- Most lightweight drones, such as the DJI Mavic Mini 2, will fall under the A1 category because they weigh less than 250g. If your drone is 250g or less, you can fly over people.
- If your drone falls under the A2 category, you must pass a theory test to establish that you know the practicalities of flying a drone and do not pose any danger to people around you. You must keep at least 30m of distance from people while flying your drone.
- The A3 category requires you to keep at least 150 metres of horizontal distance from public buildings and parks and at least 50 metres away from people.
If you want to fly commercially, meaning you will use your drone to generate some form of income; you need to take the PfCO CAA (Permission for Commercial Operations) exam. Make sure to familiarise yourself with the Drone Code and the Drone Registration Scheme before you fly a drone in the UK.
Drone classification (New Laws)
The CAA will require drones to meet a certain product standard from 1st January 2023 onwards. Manufacturers will have to ensure that their drones are classed appropriately and adhere to the new UK drone laws. The drone's weight, size, and capability will determine its class; from C0 to C4. This classification will determine where and how you can fly your drone.
If you have a drone marked C0 or C1, you can operate it in the open sub-category A1. Drones with a marking C2 can fly in both A2 and A3 of the open sub-categories. Drones marked C4 are only permitted to fly in the A3 open sub-category.
According to the CAA's website, after 1st January 2023, "you can continue to fly a 'legacy' unmarked drone in the following categories":
- Drones under 250g can continue under the A1 sub-category.
- Drone pilots must only fly all other drones in the A3 sub-category.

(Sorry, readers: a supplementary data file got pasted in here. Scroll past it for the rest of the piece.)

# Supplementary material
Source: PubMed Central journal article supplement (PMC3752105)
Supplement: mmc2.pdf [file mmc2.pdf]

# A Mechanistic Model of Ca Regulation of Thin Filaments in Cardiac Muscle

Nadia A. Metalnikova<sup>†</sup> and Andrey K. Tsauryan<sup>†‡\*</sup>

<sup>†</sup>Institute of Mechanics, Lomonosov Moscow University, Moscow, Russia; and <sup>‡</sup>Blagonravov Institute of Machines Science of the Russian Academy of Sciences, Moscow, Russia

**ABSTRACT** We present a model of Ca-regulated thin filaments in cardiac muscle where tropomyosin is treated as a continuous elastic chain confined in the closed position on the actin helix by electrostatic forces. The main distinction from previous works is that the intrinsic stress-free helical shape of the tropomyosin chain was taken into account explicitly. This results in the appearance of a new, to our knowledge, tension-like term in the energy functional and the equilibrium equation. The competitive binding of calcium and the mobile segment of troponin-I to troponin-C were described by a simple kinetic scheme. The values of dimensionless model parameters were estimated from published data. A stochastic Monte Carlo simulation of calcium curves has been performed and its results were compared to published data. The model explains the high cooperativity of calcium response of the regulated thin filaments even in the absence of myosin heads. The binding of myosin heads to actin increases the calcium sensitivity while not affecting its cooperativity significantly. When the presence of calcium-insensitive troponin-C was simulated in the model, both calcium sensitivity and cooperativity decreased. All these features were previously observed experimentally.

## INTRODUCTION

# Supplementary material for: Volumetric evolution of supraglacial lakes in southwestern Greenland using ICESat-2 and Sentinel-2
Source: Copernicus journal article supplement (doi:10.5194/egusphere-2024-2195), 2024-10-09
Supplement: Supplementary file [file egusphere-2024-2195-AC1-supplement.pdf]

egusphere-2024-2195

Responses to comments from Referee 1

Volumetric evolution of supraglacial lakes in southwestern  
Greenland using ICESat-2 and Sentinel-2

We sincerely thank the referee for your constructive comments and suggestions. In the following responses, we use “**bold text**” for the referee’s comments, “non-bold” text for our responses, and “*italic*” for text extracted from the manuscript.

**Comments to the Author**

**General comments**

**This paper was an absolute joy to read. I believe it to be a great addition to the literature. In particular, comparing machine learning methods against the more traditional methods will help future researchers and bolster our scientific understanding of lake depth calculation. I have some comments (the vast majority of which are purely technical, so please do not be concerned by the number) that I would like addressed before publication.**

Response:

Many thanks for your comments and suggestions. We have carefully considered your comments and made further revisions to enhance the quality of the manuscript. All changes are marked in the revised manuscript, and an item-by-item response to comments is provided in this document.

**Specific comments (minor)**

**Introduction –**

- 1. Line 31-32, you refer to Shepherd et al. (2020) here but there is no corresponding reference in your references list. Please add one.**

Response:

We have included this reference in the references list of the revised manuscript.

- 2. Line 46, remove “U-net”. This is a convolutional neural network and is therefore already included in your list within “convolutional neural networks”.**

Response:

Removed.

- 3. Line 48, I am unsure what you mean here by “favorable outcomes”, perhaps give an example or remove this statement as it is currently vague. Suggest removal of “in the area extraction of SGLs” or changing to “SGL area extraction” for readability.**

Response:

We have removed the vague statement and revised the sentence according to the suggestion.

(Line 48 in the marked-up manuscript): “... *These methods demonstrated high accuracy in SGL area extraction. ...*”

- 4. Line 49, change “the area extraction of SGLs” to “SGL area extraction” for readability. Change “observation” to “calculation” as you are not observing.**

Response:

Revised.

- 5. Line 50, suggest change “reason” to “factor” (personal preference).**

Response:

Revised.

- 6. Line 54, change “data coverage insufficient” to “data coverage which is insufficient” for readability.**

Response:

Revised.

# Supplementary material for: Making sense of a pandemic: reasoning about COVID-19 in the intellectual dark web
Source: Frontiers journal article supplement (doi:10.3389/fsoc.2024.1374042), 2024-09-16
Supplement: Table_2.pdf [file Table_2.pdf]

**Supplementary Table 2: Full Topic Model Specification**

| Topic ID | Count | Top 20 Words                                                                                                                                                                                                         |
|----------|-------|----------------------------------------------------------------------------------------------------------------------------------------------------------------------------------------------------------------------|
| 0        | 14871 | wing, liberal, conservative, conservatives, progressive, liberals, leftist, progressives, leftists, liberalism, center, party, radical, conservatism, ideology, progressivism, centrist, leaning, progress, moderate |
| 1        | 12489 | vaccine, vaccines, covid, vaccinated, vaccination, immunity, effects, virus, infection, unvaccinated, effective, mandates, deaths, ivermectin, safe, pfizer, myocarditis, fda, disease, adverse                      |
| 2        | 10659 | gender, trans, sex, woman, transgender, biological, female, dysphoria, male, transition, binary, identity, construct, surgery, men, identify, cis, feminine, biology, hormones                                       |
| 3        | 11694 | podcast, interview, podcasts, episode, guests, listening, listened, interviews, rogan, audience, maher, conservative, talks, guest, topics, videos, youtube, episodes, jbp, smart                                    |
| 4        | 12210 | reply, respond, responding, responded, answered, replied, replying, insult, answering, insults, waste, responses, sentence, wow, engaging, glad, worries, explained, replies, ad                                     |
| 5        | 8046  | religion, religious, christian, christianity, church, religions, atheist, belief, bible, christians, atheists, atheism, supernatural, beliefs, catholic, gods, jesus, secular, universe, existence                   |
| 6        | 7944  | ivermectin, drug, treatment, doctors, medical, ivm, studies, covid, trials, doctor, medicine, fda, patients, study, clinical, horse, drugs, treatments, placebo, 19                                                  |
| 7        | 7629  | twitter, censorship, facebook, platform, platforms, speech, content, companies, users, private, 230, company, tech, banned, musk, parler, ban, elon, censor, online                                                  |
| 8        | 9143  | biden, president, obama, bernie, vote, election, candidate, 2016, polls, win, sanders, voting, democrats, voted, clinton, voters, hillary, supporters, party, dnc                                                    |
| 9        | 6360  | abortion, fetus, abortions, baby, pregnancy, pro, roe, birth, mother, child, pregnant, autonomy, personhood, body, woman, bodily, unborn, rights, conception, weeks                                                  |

First Person View (FPV)
If you are flying FPV [First Person View] drones, you must have another person by your side [an observer] who can guide you to avoid collisions. However, the drone pilot is still responsible for following the safety of the flight.
A Remote ID makes it easy for aviation authorities to identify details about a drone. Think of it as the driver's licence plate for your drone. Most manufacturers ensure that their drones come with a Remote ID in preparation for the new drone laws. When the regulations come into force, the built-in Remote ID on your drone will be required to function in real-time, with a direct broadcast of the following:
- Accurate geographical location and height from the take-off point
- The geographical location of the take-off points and the pilot's location
- Speed of the drone
- The operator registration number
- ANSI/CTA-2063 serial number
The remote ID will ideally prevent users from modifying most of the points above.
The CAA strictly advises you to be mindful of the privacy of others while operating your drone. So adhere to all the regulations issued by CAA for flying drones in the UK and prove yourself a good citizen!
Please note that we summarised this article to help you understand UK drone laws quickly. Please refer to Civil Aviation Authority's website for the entire regulation. Still in doubt? Click here for some of the key drone rules.